If You're A High Achiever Who Often Thinks These 4 Things, You're Not Broken — You're Burned Out

No, you're not broken. You're just pushing yourself way too hard.

woman suffering from four thoughts that indicate burnout Cecilie_Arcurs / Getty Images Signature / Canva Pro

It's one of the most frustrating paradoxes among people who are really good at what they do—the more successful you are, the more exhausted you tend to be.

A career coach on TikTok said talented people often blame themselves, assuming their exhaustion and unhappiness are character flaws. But the problem is actually much simpler.

She identified 4 thoughts that indicate burnout, and high achievers almost always struggle with them.

Burnout is reaching epidemic proportions among American workers. A survey by consulting firm Deloitte found that a staggering 77% of workers say they've experienced burnout in their current jobs, and it's even worse for women, who suffer at much higher rates.


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Chris, known as @empoweredachievers on TikTok, which is also the name of her company, works with high achievers who need help getting out of the pattern of taking on way too much for others and not leaving enough space for themselves.


In her work, she's identified four common thoughts high achievers often confuse for personal shortcomings that are actually signs you're putting too much pressure on yourself. 

1. Being envious of layoffs

That may sound… well, kind of sociopathic, but if you're working yourself to the bone, a job loss can look an awful lot like a forcible paid vacation.

"I've actually heard this one kind of a lot," Chris said. "I've had clients say they were jealous of their workers who got laid off, which they then feel guilty about almost as if it's survivor's guilt."

She's also had clients on the other side of the issue — getting laid off themselves and then thanking the heavens they're finally free. "This happens in my experience because so many high achievers push through and push through and push through until they get to this place where it feels like the only option is to eject," Chris explained.


2. 'I wish I could just care less about my career'

"I still remember this one consult call where this girl cried and said this to me," Chris said. "'I wish I could just care less; I want to be someone who doesn't care about my career. It's almost debilitating how much I care.'"

She said she's heard this over and over again from high achievers. The key here, she said, is "decentering your career" and "building tolerance to doing less." Essentially, setting boundaries with your job.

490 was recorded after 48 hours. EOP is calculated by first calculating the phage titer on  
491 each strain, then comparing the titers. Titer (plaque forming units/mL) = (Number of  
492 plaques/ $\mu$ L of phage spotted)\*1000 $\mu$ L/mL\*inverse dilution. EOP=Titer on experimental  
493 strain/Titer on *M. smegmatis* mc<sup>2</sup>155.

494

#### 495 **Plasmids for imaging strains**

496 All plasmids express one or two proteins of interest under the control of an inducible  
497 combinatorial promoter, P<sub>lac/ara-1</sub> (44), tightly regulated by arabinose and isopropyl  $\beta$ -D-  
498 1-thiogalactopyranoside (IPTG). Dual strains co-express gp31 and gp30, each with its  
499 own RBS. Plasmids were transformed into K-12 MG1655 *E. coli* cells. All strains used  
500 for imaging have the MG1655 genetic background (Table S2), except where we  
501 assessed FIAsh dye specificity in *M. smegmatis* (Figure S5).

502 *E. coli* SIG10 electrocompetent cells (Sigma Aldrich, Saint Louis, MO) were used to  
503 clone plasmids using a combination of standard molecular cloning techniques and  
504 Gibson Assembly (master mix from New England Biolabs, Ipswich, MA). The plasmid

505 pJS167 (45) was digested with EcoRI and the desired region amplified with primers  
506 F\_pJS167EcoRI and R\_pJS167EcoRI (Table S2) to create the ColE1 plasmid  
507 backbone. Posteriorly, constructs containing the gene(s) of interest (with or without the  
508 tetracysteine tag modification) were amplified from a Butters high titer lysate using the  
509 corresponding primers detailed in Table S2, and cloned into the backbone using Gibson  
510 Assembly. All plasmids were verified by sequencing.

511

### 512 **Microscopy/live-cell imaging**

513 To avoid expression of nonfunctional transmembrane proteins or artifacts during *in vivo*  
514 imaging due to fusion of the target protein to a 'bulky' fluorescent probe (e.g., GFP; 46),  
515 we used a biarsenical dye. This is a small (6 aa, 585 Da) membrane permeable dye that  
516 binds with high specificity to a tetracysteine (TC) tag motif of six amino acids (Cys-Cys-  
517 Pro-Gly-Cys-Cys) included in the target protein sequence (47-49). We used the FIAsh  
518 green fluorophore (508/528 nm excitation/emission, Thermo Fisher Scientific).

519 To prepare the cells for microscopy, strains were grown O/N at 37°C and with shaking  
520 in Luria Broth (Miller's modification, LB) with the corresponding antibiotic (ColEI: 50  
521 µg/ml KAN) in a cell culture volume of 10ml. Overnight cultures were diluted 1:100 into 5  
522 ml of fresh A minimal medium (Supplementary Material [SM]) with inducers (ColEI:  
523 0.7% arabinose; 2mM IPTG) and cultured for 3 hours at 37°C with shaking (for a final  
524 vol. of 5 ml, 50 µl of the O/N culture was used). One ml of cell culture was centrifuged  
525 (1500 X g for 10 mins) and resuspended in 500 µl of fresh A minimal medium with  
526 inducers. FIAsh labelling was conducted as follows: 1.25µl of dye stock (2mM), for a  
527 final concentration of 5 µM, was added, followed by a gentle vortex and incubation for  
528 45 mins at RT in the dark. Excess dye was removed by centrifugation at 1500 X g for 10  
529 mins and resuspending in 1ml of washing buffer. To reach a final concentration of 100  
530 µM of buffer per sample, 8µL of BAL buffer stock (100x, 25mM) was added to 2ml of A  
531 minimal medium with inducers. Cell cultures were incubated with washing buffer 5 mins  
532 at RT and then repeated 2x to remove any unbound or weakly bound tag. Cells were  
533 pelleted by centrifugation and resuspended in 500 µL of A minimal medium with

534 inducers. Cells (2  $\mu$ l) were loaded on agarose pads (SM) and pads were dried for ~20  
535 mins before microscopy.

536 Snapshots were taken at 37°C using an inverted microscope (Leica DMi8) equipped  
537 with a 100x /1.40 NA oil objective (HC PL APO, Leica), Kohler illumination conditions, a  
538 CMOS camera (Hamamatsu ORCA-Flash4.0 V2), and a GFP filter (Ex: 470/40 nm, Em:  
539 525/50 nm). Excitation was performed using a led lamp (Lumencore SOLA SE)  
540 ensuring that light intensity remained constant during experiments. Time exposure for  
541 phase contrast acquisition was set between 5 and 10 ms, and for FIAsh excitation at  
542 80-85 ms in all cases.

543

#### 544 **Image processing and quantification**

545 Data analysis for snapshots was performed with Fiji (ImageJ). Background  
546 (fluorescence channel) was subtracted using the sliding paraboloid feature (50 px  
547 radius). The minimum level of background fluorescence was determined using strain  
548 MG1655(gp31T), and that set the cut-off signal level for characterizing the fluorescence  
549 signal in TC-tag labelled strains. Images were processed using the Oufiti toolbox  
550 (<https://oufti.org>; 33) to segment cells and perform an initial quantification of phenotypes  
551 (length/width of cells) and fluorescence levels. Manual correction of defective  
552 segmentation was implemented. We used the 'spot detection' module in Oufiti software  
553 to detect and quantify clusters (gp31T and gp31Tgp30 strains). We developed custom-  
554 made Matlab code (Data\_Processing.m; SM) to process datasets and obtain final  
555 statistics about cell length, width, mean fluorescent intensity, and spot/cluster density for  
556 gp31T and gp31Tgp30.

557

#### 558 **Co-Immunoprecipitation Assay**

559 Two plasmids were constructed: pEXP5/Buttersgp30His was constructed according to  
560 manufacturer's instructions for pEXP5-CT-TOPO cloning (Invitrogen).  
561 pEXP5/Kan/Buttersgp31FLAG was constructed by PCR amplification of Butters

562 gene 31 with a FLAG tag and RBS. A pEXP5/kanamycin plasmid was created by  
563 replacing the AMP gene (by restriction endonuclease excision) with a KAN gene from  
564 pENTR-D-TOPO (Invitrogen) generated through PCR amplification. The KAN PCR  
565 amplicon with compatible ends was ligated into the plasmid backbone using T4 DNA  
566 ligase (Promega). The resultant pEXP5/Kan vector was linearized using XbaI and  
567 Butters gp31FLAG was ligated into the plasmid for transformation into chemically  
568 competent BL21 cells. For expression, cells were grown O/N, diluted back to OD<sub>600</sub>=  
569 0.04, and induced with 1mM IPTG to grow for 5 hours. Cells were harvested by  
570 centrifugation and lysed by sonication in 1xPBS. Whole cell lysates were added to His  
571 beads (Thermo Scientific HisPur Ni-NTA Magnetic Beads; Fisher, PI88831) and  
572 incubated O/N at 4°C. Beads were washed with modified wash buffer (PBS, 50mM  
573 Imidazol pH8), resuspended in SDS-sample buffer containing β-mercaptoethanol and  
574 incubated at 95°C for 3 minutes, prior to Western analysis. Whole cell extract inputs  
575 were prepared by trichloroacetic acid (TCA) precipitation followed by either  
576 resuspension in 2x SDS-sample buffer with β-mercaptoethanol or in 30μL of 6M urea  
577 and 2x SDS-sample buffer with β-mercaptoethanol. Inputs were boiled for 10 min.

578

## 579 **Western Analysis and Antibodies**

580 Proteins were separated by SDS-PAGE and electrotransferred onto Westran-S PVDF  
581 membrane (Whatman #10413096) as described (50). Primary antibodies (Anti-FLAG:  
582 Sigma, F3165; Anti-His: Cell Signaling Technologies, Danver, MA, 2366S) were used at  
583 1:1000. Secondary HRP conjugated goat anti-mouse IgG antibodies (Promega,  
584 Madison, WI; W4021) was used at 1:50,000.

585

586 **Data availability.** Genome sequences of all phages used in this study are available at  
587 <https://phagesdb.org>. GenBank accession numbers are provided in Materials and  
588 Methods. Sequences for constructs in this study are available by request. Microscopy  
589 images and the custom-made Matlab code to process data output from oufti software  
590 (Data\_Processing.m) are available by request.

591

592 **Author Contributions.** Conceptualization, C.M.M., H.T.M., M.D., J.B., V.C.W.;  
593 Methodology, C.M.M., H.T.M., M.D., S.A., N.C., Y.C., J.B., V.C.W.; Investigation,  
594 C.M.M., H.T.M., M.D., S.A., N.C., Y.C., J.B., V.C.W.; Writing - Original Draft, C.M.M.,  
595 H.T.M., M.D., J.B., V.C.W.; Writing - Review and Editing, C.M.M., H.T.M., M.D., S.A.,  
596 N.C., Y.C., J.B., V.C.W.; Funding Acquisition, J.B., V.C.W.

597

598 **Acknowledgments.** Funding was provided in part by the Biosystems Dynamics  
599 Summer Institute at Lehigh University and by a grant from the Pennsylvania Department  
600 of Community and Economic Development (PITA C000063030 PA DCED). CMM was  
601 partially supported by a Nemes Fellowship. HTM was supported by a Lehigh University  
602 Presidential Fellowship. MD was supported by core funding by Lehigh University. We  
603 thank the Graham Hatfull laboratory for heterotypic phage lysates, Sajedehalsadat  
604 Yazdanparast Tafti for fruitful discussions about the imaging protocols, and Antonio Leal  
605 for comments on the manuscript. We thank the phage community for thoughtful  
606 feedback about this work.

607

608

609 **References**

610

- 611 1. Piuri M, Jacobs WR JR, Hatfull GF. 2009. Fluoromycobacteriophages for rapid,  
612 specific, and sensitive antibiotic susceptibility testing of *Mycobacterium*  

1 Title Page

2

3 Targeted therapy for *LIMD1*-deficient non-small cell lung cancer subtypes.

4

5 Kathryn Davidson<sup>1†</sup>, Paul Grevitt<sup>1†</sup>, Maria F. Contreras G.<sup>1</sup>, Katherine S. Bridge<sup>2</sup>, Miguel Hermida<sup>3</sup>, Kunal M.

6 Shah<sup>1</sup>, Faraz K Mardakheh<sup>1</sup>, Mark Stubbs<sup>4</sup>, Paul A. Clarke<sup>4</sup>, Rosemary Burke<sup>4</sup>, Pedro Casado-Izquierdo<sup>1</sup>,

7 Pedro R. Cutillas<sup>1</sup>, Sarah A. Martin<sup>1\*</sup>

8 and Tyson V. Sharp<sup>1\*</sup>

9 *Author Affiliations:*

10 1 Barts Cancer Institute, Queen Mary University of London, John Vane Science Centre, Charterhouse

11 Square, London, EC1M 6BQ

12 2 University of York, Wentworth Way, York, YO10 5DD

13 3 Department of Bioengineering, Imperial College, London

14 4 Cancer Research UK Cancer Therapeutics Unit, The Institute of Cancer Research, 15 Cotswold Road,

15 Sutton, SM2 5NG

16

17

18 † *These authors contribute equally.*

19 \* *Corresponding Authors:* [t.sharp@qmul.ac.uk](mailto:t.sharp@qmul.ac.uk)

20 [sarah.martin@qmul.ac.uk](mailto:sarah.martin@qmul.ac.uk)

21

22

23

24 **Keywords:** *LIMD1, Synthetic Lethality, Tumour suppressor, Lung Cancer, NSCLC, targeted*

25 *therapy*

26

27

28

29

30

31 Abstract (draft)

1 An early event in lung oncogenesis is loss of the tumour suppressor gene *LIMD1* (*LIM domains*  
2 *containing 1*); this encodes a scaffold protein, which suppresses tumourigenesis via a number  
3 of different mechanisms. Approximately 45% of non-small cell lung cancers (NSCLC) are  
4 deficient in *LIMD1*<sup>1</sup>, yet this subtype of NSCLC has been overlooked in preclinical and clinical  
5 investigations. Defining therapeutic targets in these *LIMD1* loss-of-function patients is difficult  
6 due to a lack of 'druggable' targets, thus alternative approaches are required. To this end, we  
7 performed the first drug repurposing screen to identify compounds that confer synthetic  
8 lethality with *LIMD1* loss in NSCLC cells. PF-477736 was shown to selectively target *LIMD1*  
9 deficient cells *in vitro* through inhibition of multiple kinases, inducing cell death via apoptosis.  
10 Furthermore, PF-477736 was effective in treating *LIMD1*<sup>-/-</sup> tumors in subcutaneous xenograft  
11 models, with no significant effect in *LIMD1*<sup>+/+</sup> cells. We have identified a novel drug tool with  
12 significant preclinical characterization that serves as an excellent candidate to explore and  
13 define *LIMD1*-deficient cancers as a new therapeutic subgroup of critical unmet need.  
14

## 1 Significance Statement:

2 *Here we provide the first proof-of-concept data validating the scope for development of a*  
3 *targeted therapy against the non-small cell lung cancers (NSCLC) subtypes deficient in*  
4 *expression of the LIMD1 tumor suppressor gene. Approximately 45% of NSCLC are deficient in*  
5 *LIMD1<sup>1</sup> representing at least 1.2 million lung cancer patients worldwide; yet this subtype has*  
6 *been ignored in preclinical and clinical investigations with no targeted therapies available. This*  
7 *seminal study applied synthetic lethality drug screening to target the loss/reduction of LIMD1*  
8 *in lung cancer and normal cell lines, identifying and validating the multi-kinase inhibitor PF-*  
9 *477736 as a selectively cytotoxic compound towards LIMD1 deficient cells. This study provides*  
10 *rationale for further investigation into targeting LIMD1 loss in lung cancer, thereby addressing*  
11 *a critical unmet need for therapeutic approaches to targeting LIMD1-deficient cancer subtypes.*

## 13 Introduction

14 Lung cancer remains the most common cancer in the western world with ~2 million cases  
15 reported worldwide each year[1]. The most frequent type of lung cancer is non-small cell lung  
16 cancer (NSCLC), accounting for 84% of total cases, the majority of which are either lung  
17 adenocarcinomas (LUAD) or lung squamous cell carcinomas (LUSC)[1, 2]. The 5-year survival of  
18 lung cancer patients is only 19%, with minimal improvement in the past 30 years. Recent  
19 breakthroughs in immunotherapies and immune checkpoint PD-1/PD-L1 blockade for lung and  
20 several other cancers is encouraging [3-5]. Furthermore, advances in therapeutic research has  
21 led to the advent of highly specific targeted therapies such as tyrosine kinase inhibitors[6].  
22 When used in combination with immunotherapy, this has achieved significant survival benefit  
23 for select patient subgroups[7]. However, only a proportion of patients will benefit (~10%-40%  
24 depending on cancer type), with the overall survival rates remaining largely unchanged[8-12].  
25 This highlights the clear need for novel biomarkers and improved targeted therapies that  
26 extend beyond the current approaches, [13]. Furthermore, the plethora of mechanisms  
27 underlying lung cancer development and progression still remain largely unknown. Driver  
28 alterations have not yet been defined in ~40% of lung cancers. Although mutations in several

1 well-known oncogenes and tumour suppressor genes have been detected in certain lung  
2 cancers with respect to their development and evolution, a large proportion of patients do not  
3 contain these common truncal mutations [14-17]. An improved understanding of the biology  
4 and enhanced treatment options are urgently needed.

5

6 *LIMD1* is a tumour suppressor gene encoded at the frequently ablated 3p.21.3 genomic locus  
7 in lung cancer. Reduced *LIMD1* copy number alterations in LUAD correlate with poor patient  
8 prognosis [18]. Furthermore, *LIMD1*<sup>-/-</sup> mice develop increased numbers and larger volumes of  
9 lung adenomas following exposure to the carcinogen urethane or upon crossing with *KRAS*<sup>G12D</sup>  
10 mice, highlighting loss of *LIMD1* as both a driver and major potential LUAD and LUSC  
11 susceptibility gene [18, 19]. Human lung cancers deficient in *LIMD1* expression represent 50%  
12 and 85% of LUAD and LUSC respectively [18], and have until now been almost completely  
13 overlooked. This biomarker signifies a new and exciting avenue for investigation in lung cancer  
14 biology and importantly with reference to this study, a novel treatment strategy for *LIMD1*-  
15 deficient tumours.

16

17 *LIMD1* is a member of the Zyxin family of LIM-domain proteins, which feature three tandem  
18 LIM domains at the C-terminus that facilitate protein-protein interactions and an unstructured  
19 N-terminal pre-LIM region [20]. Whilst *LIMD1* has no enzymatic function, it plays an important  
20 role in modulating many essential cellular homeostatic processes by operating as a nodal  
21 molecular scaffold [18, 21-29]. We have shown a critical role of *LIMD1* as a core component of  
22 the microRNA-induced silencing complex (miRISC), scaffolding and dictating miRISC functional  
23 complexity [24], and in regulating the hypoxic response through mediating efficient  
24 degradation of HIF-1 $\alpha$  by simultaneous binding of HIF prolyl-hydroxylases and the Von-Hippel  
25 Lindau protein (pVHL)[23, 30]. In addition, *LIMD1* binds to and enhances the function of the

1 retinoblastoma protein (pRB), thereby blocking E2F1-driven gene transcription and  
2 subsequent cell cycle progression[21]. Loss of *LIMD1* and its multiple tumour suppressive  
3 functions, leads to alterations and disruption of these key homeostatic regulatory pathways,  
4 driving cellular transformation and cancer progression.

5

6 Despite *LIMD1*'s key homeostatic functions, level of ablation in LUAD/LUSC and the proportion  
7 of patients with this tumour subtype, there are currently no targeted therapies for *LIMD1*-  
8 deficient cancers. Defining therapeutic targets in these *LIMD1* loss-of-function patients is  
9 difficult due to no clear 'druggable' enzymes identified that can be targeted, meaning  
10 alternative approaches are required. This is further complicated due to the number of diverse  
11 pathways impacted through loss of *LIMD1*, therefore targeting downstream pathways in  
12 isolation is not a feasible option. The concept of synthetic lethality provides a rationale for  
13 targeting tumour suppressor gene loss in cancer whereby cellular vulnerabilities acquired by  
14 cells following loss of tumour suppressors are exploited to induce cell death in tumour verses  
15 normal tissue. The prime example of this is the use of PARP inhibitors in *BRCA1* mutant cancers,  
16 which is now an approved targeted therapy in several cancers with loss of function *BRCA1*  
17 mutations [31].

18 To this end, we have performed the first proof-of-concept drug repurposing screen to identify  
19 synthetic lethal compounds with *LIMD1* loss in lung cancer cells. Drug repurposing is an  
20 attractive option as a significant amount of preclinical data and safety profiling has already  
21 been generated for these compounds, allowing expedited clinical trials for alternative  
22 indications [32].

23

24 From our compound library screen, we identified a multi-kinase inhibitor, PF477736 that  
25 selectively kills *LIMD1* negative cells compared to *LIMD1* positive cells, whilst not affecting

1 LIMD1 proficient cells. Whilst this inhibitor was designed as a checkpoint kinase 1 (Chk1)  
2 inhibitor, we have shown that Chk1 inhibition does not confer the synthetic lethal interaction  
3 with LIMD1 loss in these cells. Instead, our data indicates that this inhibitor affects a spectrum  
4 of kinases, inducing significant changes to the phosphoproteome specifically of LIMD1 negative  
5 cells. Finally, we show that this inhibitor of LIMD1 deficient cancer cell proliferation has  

Chris said this can be incredibly hard at first, but if you give yourself space to get the hang of it, "it is going to be so beneficial for you in the long run."


RELATED: Burnout Coach Shares 6 Ways To Set Boundaries At Work Without Saying Anything At All

3. Feeling you have to work ten times harder than everyone else to prove yourself — aka, imposter syndrome.

Chris recalled a client who was struggling with setting boundaries, and she finally asked her to name the benefit of overworking. Why was she doing this?

"She eventually admitted… that she felt some level of imposter syndrome in a role, so as a result of said imposter syndrome, she felt like she had to work ten times harder than everyone else to prove herself."

@empoweredachievers Replying to @Aurora #greenscreen I hope this list makes you feel less alone! Truly, all those deepest darkest fears from this pressure… you’re not the only one thinking it ❤️ #impostersyndrome #recoveringperfectionist #workaholic #boundaries #corporateburnout #lifecoach #mindsetcoach #underpressure ♬ original sound - Chris, the high achiever coach

She said this struggle is ultimately about acceptance and tolerating discomfort. "You have to… build tolerance to things like the fact that no matter how hard we work, you can't ensure we never get fired," Chris said. 


"You can't ensure that people never judge us. We can't control other people's opinions on us." It took her client some time, but she got there, and now she's thriving.

4. 'It's easier if I just stay at this job'

Chris said people like this often rationalize, "I know I don't like it, but really technically, on paper, it's good, and maybe there's nothing I'd like more."

She said she hears this one all the time. "So many high achievers are scared… They stay, and they settle under the guise of better the devil I know."

@empoweredachievers Replying to @mben210 also, I think part of it is the shift in expectations so we start decentering our careers. Were looking for engagment & following your interests, not “the magical answer for purpose”.  Can anyone relate to this one? Who wants pt 5?#findyourpurpose #career #recoveringperfectionist #goldenchild #lifecoach #highachiever #underpressure #overachiever ♬ original sound - Chris, the high achiever coach

She said this fear is often rooted in another fear — that searching for a job or career they might like better will lead them to realize "the answer is there's nothing." This keeps them rooted in "something that tears them apart each day."


However, in seven years of doing this work, she has yet to meet a single person for whom that is true. "Yeah, it can feel like we have no spark, but it doesn't mean that we actually have no spark. We're just super out of touch with it," she said.

She finished with something we would all do well to consider. "Don't you owe it to yourself to at least explore and start prioritizing what you want over sacrifices?" she asked. "I think you do."

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John Sundholm is a news and entertainment writer who covers pop culture, social justice, and human interest topics.